This week is geek-fest. Solar-powered planes, Monkey butts, sperm cryopreservation, transparent brains and more.
In awesome this week, blogger Aatish Bhatia looks at solar-powered planes. (As a rule, try to read Aatish’s every blog post.)
Have you heard of the Solar Impulse? It’s a Swiss aircraft that’s powered entirely by solar energy. The ambitious goal of this project is to fly around the world using only solar power. On May 1, they’ll begin a trip from San Francisco to New York City, with multiple stops along the way. They’ve already pulled off a 26 hour flight, as well as an inter-continental journey from Spain to Morocco, powered only by sunshine. (They use battery packs to store the spare energy and power the plane at night.)
Dan Gareau at Rockefeller’s The Incubator explains optics, light and photons with monkey butts. Also makes for the perfect title, really.
If you’re anything like me, you may have wondered why some monkeys have bright blue skin. Even if you don’t pay careful attention to monkey butts, you may still have wondered what makes some people’s eyes blue. To answer these questions, it is important to first understand how light interacts with living stuff, which we call biological tissue [...]
Arielle Duhaime-Ross has a really good piece at Quartz about sperm cryopreservation or relative lack thereof. As it turns out, sperm cryopreservation makes much sense both in terms of practicality and economics.
“Women, consider freezing your eggs,” blared a recent headline on CNN’s website. In the piece, Yale anthropology professor Maria C. Inhorn advises women that freezing their eggs before they turn 30 will enable them to eventually “rewind the biological clock,” giving them more room to choose when they have children, instead of feeling forced to give birth before the inevitable fertility decline. Those are all valid arguments, but if you agree with Inhorn, then you shouldn’t limit yourself to solely advocating for egg cryopreservation (freezing)—you should be telling men to freeze their sperm, too.
Transparent brains! Awesome, am I right or am I right? They also allow scientists to visualise our neural networks in 3D explains Helen Shen in Nature.
A chemical treatment that turns whole organs transparent offers a big boost to the field of ‘connectomics’ — the push to map the brain’s fiendishly complicated wiring. Scientists could use the technique to view large networks of neurons with unprecedented ease and accuracy. The technology also opens up new research avenues for old brains that were saved from patients and healthy donors.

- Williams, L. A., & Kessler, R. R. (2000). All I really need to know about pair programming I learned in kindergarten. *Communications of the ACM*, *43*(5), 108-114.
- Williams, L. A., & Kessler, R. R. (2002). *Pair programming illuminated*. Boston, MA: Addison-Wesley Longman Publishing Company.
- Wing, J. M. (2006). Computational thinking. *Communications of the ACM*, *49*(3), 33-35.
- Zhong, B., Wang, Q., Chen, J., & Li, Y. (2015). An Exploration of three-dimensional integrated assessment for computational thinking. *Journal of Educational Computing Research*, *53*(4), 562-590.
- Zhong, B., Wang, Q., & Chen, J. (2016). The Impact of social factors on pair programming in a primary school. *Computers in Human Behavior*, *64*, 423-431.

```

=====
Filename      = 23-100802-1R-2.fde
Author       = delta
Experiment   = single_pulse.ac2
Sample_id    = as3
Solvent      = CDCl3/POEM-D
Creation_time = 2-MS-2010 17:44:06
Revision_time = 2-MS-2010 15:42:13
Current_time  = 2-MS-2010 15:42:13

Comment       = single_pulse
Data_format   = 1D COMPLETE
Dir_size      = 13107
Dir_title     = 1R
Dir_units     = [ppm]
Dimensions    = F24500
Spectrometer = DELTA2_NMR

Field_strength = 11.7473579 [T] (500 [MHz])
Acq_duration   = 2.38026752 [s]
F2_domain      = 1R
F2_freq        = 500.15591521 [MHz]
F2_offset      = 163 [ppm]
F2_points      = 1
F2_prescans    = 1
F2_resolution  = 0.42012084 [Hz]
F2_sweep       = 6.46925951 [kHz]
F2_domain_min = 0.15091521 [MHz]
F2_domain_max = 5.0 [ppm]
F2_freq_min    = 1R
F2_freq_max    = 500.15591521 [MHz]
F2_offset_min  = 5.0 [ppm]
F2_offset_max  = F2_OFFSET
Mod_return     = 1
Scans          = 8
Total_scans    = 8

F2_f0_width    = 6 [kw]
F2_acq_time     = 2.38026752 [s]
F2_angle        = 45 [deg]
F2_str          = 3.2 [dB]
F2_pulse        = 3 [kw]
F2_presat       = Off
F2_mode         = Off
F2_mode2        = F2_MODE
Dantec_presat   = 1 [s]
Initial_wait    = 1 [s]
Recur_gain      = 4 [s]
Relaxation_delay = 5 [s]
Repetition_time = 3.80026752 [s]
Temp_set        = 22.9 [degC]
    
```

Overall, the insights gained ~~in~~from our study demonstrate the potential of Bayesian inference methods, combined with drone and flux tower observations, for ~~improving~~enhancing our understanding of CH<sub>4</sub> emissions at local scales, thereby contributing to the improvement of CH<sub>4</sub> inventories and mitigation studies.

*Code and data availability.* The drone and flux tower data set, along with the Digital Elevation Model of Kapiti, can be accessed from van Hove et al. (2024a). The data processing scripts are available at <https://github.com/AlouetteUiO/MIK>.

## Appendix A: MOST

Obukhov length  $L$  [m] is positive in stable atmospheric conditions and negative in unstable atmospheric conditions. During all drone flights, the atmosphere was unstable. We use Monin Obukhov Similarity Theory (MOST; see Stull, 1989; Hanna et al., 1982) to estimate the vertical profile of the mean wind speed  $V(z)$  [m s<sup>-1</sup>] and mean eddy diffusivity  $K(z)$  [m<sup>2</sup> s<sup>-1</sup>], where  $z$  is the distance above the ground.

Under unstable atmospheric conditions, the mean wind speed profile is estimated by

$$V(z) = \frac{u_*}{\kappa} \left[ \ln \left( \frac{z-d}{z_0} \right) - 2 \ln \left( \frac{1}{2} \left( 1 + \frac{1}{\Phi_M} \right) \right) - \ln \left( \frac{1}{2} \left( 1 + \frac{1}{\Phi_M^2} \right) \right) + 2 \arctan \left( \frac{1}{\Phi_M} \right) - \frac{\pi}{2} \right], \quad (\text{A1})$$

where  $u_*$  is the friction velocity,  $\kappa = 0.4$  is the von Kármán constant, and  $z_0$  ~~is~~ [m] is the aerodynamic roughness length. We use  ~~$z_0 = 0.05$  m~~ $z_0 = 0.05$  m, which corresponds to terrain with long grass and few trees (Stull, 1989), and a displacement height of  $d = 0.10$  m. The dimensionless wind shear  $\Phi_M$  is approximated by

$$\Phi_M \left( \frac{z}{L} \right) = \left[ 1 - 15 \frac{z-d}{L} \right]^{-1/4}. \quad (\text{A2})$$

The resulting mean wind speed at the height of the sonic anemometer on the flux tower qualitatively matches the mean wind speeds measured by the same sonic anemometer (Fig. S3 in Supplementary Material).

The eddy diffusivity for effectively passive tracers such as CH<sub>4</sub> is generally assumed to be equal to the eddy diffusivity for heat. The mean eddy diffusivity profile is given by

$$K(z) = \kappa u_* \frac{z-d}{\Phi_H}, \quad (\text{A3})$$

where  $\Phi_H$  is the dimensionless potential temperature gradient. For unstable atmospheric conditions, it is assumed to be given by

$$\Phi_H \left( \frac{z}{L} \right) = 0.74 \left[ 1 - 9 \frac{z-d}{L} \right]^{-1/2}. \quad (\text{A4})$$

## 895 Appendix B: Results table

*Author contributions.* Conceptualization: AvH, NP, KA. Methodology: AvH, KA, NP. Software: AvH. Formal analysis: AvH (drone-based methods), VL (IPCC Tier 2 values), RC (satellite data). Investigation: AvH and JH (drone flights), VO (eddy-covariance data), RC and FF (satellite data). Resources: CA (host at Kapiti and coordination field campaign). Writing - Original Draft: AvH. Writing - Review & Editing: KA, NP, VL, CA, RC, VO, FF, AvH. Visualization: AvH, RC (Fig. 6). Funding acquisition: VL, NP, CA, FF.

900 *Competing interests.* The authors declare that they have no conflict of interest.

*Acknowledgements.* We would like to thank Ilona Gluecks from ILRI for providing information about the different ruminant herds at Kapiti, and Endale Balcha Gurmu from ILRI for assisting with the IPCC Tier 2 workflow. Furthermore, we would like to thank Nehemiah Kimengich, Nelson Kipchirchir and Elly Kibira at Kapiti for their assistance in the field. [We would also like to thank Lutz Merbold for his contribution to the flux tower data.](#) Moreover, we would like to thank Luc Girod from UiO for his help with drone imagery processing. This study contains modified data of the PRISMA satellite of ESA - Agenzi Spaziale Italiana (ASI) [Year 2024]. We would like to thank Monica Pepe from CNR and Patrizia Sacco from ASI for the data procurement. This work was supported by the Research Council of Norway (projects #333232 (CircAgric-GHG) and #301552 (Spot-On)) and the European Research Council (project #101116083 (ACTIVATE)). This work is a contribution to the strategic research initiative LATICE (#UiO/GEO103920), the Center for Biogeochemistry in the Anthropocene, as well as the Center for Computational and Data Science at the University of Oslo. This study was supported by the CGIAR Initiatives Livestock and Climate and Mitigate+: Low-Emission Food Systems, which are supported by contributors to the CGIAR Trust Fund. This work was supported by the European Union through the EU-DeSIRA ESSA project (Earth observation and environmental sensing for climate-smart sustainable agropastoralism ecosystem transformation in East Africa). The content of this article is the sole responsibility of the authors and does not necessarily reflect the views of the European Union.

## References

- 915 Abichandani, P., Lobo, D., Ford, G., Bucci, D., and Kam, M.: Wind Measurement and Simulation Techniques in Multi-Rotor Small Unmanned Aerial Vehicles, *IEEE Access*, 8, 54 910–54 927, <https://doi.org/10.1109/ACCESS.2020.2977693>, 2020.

Kyle Hill on the snake which turns your blood into jello. Comes with a video and everything.
The Russell’s Viper is one of the deadliest snakes in all of Asia because it can give your blood the consistency of ketchup [...] just a drop of Russel’s viper venom (RVV) can turn a whole cup of blood into Jello. If you get bit, you won’t exactly have this paste running through your veins, but the process can definitely kill you.
Markus Hammonds’s echoes my own thoughts in the first paragraph of his piece for Australian Science about a schoolchild who discovered a new jellyfish species. You won’t be surprised that the jellyfish has been found in Australia.
The thing I love the most about scientific discovery is that anyone can do it. Literally anyone could, tomorrow, turn over a stone or look at a seemingly empty spot in the night sky and find something which no human being has ever seen before. Or, perhaps more importantly, something which no one has full appreciated before.
A few more:
#Sci4hels: The Killer (Female) Science Journalists of the Future by Erin Podolak.
The Oldest, Loneliest Supernova by Mark Zastrow for Sky & Telescope.
Use of GM cotton linked to rise in aphid numbers by Richa Malhotra for SciDev.net.
ScienceOnlineTeen! by Samantha Jakuboski on her Scitable blog.
Can fossil mammals help us with our conservation efforts? by Jon Tennant.
Creation: Q&A with Adam Rutherford by Pete Etchells.
What Artists and Scientists have in Common by Paige Brown.